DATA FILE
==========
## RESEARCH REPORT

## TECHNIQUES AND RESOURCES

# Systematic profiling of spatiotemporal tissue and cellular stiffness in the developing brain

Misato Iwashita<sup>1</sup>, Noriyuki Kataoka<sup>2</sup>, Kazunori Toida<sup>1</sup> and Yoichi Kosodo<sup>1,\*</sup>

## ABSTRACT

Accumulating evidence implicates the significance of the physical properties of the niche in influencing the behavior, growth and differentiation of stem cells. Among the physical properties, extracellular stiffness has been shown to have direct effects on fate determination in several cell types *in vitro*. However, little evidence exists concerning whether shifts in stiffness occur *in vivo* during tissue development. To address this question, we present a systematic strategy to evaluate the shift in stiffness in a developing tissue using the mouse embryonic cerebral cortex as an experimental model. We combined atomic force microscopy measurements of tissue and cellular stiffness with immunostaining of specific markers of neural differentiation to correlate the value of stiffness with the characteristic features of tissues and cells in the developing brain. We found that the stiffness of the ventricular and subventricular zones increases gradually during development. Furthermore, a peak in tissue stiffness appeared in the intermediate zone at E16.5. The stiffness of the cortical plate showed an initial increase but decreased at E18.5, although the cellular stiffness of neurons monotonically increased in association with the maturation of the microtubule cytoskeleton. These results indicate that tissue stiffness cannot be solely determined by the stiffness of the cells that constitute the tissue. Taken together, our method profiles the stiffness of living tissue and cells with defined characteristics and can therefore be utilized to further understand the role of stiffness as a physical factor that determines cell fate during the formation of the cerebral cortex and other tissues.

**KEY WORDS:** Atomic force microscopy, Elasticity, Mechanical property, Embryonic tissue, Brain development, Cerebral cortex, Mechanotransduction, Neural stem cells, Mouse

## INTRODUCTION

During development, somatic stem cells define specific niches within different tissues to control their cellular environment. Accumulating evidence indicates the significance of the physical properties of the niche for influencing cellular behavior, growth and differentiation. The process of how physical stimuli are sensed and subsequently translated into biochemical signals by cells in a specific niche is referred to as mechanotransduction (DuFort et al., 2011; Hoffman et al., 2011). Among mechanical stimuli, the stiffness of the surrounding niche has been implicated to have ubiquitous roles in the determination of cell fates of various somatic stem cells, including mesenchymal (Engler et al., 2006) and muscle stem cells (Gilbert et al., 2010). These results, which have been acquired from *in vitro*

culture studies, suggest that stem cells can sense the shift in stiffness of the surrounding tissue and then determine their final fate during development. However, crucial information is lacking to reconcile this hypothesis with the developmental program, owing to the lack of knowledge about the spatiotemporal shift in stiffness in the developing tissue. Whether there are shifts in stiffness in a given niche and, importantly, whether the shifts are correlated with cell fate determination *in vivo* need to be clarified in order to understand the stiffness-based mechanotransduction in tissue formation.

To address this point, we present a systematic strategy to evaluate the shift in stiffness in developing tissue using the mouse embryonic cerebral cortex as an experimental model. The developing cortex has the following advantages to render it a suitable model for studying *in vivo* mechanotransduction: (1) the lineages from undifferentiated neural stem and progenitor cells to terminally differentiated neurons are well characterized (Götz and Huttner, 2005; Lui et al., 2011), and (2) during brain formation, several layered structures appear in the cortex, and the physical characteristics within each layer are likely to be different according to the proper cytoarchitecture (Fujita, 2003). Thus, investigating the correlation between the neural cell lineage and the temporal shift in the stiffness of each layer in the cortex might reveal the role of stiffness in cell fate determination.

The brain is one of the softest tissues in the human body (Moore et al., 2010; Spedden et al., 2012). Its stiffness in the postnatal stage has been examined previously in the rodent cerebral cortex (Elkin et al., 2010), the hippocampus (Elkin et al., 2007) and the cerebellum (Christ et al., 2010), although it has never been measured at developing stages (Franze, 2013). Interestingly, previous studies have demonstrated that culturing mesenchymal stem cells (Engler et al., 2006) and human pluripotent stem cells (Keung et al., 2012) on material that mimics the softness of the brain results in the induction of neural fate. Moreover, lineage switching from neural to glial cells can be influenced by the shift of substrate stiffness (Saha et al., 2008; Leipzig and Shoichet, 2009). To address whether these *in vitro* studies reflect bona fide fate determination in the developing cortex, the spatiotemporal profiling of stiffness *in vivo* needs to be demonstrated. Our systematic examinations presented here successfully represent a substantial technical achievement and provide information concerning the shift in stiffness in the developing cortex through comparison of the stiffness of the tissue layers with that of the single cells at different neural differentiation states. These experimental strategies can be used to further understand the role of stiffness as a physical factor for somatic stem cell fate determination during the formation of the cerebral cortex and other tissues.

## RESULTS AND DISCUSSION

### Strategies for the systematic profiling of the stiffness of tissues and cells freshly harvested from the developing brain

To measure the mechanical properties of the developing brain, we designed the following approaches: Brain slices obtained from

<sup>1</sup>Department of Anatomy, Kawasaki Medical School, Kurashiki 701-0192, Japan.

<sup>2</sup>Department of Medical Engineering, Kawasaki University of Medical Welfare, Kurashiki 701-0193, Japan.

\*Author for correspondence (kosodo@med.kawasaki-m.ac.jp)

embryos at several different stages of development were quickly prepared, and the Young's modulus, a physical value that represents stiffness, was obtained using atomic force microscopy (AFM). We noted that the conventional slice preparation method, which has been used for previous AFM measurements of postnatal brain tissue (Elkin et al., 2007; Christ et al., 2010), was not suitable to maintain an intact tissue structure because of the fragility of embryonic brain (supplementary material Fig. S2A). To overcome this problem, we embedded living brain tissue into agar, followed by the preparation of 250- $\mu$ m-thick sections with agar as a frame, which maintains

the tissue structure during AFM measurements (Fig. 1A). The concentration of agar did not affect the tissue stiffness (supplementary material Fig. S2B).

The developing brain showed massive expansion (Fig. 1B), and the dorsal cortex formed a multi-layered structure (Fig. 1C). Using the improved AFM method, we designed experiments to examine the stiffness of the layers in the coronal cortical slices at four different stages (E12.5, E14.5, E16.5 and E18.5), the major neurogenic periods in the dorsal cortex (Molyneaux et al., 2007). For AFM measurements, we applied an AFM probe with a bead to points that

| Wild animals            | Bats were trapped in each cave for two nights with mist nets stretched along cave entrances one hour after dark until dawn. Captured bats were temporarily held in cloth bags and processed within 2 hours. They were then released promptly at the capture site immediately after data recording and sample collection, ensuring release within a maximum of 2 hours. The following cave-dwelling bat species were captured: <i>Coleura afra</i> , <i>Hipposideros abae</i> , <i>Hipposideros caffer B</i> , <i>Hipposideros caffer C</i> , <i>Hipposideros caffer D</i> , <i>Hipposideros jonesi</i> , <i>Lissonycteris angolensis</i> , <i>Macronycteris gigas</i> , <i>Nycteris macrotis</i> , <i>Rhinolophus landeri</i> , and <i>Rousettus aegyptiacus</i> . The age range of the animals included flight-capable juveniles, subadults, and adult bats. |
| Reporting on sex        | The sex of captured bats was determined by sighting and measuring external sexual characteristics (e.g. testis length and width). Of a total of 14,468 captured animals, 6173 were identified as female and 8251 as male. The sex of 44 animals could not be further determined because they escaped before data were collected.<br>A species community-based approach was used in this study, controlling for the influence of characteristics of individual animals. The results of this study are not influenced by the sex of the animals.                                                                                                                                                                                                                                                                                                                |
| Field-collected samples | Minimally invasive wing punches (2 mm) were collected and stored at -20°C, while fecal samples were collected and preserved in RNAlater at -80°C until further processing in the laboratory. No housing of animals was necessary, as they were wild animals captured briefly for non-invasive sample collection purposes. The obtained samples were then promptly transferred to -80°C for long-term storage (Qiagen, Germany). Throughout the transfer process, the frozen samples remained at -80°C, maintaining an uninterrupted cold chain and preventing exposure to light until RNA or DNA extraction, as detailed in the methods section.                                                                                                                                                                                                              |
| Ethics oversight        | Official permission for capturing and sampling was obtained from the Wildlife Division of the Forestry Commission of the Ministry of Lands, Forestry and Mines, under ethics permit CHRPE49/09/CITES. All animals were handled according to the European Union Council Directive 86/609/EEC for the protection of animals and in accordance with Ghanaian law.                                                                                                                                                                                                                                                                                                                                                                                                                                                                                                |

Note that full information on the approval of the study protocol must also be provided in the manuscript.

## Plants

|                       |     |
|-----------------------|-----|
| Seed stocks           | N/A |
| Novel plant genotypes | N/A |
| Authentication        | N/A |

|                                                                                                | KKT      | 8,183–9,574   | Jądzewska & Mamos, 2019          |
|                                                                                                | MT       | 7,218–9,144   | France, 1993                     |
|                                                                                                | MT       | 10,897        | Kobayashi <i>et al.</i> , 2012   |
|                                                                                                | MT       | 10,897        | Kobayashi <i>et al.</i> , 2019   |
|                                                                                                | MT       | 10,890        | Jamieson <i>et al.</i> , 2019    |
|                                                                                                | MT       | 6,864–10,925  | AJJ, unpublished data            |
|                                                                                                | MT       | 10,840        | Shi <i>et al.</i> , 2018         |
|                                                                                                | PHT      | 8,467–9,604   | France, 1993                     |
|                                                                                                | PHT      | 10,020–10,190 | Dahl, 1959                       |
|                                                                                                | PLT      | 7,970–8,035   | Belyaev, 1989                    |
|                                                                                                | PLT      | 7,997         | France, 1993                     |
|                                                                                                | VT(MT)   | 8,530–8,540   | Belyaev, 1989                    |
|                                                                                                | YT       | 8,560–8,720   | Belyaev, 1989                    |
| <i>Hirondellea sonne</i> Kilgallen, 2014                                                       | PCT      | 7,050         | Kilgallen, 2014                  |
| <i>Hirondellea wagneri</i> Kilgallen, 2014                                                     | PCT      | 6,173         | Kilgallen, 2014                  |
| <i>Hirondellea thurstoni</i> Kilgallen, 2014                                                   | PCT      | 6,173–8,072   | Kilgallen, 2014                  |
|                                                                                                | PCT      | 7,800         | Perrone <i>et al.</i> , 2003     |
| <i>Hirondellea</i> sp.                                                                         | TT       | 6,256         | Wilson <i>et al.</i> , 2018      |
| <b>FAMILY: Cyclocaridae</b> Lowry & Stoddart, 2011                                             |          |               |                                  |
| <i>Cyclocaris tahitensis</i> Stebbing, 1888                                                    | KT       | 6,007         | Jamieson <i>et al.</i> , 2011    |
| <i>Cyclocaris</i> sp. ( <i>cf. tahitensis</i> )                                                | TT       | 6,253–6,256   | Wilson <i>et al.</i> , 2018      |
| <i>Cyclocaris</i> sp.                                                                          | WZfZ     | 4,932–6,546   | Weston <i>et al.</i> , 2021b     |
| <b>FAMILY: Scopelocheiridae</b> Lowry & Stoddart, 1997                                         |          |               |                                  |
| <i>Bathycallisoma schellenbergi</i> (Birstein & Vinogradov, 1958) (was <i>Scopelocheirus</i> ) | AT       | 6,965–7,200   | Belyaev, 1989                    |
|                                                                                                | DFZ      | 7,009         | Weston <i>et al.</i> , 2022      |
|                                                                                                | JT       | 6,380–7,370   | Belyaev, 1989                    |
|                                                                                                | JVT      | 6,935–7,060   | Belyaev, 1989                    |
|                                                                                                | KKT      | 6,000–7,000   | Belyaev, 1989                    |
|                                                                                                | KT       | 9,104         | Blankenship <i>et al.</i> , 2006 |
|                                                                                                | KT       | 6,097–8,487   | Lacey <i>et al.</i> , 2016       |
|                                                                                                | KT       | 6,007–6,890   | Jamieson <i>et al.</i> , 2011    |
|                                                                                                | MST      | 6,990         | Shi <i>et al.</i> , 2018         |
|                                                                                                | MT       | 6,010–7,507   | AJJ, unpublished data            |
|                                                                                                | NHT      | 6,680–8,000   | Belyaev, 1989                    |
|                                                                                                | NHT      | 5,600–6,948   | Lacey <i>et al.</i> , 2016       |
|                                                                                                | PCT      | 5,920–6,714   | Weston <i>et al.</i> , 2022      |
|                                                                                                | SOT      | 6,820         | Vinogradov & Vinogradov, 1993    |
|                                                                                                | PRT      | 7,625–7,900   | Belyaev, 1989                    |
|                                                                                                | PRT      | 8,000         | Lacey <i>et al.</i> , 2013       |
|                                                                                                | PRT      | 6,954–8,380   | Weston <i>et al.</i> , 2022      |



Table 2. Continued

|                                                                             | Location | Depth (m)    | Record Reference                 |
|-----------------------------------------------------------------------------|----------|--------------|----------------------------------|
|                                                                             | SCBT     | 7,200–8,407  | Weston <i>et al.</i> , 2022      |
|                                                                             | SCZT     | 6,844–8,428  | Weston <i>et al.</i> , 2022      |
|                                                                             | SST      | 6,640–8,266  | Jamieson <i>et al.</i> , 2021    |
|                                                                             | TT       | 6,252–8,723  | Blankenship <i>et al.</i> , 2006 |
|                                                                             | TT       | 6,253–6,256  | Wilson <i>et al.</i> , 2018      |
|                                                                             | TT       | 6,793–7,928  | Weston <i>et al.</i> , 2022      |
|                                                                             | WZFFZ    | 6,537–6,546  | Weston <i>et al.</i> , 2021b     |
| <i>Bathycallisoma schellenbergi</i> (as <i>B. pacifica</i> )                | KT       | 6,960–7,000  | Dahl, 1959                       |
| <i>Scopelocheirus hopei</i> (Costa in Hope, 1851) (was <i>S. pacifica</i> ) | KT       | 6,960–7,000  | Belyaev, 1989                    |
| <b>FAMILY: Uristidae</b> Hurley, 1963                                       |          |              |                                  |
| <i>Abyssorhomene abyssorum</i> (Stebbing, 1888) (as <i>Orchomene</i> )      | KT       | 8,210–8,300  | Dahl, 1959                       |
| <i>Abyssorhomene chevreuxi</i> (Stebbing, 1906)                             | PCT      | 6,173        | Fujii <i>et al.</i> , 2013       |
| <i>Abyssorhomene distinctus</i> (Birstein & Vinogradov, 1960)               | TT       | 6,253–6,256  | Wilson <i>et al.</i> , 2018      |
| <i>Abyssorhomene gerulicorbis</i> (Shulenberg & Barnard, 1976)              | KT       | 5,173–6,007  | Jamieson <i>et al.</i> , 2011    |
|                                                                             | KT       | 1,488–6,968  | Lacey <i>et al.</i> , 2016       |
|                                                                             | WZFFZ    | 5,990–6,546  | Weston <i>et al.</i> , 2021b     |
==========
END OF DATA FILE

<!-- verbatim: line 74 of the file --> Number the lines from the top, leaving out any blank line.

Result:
|                                                                             | Location | Depth (m)    | Record Reference                 |